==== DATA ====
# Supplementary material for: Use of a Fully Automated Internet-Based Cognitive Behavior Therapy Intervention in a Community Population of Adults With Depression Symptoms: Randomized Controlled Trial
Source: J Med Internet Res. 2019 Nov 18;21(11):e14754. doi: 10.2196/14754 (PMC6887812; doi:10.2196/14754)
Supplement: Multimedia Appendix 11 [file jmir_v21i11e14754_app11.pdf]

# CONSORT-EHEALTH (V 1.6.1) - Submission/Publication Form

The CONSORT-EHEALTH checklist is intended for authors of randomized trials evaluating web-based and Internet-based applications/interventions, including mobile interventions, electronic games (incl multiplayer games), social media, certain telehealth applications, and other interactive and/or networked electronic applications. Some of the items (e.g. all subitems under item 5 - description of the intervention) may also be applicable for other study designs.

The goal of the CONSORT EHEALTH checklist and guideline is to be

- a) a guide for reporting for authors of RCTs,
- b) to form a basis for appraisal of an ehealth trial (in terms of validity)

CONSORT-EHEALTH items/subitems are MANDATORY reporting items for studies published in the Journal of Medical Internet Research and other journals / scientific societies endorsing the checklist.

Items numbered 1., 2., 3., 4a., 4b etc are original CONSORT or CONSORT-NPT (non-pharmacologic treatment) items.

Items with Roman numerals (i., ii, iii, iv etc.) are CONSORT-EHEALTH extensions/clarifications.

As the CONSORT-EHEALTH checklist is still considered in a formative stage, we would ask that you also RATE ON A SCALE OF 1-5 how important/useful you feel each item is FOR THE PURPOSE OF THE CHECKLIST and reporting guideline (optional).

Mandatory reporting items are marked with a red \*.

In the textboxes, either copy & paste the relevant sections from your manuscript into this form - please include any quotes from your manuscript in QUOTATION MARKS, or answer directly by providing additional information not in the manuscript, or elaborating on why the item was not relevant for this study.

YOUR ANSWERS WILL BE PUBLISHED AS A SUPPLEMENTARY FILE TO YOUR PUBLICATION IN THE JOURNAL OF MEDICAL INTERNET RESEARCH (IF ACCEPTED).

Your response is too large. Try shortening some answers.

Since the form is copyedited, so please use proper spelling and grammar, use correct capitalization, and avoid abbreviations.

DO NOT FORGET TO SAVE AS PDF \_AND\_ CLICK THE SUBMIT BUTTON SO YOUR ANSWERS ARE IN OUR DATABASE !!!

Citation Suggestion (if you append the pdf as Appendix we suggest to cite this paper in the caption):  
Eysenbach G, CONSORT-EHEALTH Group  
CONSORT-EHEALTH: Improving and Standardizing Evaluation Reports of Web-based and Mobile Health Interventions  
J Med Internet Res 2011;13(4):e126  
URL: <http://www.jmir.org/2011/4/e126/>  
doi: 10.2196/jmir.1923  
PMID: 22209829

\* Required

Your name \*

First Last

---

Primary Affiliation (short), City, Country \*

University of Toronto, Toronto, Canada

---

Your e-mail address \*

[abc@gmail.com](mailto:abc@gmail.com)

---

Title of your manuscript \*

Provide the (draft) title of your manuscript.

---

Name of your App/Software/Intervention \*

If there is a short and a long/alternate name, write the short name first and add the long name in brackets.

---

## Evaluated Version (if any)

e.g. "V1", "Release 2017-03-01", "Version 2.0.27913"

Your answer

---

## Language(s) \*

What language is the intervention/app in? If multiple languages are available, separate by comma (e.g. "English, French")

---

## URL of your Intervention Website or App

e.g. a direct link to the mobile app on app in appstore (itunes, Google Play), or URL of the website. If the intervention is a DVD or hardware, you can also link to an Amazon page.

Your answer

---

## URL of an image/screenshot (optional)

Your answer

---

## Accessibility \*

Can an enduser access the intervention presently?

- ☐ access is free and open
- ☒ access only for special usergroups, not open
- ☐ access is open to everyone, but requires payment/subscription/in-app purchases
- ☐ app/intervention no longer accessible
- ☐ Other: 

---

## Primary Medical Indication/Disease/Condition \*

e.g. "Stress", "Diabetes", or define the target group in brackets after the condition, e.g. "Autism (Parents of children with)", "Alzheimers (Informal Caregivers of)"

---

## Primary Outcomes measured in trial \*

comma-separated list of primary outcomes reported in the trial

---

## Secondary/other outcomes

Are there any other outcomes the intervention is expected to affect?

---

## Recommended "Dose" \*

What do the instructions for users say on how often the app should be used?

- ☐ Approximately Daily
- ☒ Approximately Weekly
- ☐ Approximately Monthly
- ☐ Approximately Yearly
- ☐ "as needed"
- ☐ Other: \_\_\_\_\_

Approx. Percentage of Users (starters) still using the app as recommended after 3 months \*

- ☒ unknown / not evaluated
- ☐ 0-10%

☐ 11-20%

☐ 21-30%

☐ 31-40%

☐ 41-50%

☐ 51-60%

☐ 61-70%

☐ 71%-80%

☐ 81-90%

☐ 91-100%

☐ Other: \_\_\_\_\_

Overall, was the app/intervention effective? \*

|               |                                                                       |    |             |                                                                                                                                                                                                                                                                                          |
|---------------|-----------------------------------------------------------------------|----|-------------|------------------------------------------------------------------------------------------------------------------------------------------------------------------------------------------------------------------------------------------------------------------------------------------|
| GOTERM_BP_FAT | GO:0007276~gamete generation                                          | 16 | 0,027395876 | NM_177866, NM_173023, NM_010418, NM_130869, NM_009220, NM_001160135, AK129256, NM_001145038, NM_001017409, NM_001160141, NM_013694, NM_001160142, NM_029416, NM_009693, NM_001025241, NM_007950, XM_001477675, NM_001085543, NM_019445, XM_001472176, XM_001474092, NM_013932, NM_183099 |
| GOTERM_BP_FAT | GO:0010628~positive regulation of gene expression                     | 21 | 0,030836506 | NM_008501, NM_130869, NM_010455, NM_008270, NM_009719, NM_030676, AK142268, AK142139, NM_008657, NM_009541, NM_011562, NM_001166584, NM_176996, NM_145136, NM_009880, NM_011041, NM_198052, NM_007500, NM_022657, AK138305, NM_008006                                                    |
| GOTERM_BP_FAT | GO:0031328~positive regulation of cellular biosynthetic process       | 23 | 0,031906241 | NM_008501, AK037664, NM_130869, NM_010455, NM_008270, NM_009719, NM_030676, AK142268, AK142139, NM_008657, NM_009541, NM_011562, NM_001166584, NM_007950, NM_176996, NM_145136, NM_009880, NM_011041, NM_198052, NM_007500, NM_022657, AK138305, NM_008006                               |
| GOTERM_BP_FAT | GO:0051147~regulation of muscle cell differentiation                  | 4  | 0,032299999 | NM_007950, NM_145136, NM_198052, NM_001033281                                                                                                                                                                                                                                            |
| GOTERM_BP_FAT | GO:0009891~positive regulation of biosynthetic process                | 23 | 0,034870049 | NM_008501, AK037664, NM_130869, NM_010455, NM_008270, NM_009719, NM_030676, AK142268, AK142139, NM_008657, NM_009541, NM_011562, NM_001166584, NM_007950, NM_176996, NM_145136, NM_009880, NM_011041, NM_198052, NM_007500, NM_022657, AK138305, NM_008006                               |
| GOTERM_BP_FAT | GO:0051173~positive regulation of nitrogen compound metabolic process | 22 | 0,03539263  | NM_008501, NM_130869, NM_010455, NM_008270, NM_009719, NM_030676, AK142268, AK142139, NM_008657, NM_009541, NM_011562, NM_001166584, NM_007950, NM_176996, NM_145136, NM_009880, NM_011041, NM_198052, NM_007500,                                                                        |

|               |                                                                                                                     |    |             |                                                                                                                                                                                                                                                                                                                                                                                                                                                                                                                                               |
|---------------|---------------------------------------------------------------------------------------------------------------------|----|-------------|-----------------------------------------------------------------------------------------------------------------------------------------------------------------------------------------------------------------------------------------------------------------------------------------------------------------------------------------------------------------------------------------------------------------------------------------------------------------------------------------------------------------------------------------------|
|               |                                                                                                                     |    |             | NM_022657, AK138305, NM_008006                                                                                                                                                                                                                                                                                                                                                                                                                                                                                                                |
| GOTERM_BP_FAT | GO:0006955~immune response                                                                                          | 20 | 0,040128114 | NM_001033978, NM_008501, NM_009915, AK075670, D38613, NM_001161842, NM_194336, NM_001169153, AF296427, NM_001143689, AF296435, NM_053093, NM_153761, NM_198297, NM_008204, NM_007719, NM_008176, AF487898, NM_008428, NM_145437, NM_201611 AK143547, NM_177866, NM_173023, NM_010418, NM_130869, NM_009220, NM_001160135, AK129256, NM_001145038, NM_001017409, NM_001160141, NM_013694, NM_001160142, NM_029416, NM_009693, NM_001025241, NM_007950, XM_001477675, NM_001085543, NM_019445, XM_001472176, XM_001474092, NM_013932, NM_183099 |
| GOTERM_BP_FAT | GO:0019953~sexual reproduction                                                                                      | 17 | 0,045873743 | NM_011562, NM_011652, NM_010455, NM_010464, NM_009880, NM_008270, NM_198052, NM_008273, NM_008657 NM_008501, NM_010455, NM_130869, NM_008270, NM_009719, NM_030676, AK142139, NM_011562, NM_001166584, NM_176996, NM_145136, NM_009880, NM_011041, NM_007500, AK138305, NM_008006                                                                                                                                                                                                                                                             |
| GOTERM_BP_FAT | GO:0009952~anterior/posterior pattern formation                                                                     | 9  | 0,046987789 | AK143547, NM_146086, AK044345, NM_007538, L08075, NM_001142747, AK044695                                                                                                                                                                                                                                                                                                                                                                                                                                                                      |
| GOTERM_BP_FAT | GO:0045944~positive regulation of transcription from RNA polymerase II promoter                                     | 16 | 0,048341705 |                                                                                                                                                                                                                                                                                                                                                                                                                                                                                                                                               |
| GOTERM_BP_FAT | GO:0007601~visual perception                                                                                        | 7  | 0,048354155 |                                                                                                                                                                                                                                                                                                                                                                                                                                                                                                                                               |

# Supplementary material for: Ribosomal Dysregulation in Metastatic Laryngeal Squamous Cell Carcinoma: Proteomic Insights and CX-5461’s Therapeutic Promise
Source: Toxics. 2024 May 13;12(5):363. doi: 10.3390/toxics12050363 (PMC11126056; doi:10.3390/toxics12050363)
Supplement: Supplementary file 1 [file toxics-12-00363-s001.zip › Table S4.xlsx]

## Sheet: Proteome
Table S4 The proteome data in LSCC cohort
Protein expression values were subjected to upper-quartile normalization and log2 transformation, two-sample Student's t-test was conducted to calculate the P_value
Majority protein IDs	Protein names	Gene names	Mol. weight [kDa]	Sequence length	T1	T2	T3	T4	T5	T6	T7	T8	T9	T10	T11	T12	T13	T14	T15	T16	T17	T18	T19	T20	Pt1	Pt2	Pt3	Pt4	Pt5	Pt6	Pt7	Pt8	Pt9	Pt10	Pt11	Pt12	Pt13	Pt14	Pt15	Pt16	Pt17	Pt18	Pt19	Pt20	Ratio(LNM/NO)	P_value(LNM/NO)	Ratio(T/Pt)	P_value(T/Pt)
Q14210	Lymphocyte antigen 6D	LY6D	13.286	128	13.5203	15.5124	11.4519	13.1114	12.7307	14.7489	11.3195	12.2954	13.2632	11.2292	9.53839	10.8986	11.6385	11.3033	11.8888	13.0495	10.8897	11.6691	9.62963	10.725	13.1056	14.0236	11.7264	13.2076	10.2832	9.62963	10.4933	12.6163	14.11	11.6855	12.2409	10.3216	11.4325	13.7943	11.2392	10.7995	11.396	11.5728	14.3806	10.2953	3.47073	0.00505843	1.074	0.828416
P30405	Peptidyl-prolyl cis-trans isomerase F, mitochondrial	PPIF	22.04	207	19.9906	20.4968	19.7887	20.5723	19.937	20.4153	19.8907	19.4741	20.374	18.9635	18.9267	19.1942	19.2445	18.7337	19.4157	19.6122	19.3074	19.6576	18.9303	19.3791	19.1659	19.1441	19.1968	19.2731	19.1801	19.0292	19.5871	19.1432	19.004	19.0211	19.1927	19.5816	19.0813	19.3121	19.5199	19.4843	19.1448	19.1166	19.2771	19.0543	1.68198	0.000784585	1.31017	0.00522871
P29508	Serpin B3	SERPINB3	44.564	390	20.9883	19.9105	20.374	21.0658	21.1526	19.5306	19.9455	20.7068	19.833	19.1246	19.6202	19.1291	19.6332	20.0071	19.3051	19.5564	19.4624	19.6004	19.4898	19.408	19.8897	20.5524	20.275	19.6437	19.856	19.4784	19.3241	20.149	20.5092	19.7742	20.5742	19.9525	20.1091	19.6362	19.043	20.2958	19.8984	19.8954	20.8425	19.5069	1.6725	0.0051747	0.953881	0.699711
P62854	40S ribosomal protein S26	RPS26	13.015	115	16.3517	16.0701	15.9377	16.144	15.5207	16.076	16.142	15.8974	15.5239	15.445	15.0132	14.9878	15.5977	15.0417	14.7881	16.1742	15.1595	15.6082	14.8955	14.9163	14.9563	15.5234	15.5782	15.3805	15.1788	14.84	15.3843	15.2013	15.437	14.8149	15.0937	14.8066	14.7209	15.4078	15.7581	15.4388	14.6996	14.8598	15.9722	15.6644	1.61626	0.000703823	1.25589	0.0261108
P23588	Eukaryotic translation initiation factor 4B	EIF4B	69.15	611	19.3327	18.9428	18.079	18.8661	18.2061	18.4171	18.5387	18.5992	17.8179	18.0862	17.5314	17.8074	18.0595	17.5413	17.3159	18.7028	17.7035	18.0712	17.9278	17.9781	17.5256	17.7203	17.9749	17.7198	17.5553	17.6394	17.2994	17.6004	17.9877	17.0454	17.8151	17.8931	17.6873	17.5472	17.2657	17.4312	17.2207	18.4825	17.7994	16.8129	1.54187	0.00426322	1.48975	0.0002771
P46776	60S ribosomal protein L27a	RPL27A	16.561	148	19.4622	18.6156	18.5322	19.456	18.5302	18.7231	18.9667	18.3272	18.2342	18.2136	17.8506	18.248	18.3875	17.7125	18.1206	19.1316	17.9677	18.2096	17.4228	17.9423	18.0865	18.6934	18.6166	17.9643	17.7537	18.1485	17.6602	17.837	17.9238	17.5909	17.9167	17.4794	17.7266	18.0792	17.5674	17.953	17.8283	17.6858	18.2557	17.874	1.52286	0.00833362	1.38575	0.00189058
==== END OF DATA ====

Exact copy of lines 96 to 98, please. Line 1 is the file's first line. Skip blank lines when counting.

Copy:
|---------------|-----------------------------------------------------------------------|----|-------------|------------------------------------------------------------------------------------------------------------------------------------------------------------------------------------------------------------------------------------------------------------------------------------------|
| GOTERM_BP_FAT | GO:0007276~gamete generation                                          | 16 | 0,027395876 | NM_177866, NM_173023, NM_010418, NM_130869, NM_009220, NM_001160135, AK129256, NM_001145038, NM_001017409, NM_001160141, NM_013694, NM_001160142, NM_029416, NM_009693, NM_001025241, NM_007950, XM_001477675, NM_001085543, NM_019445, XM_001472176, XM_001474092, NM_013932, NM_183099 |
| GOTERM_BP_FAT | GO:0010628~positive regulation of gene expression                     | 21 | 0,030836506 | NM_008501, NM_130869, NM_010455, NM_008270, NM_009719, NM_030676, AK142268, AK142139, NM_008657, NM_009541, NM_011562, NM_001166584, NM_176996, NM_145136, NM_009880, NM_011041, NM_198052, NM_007500, NM_022657, AK138305, NM_008006                                                    |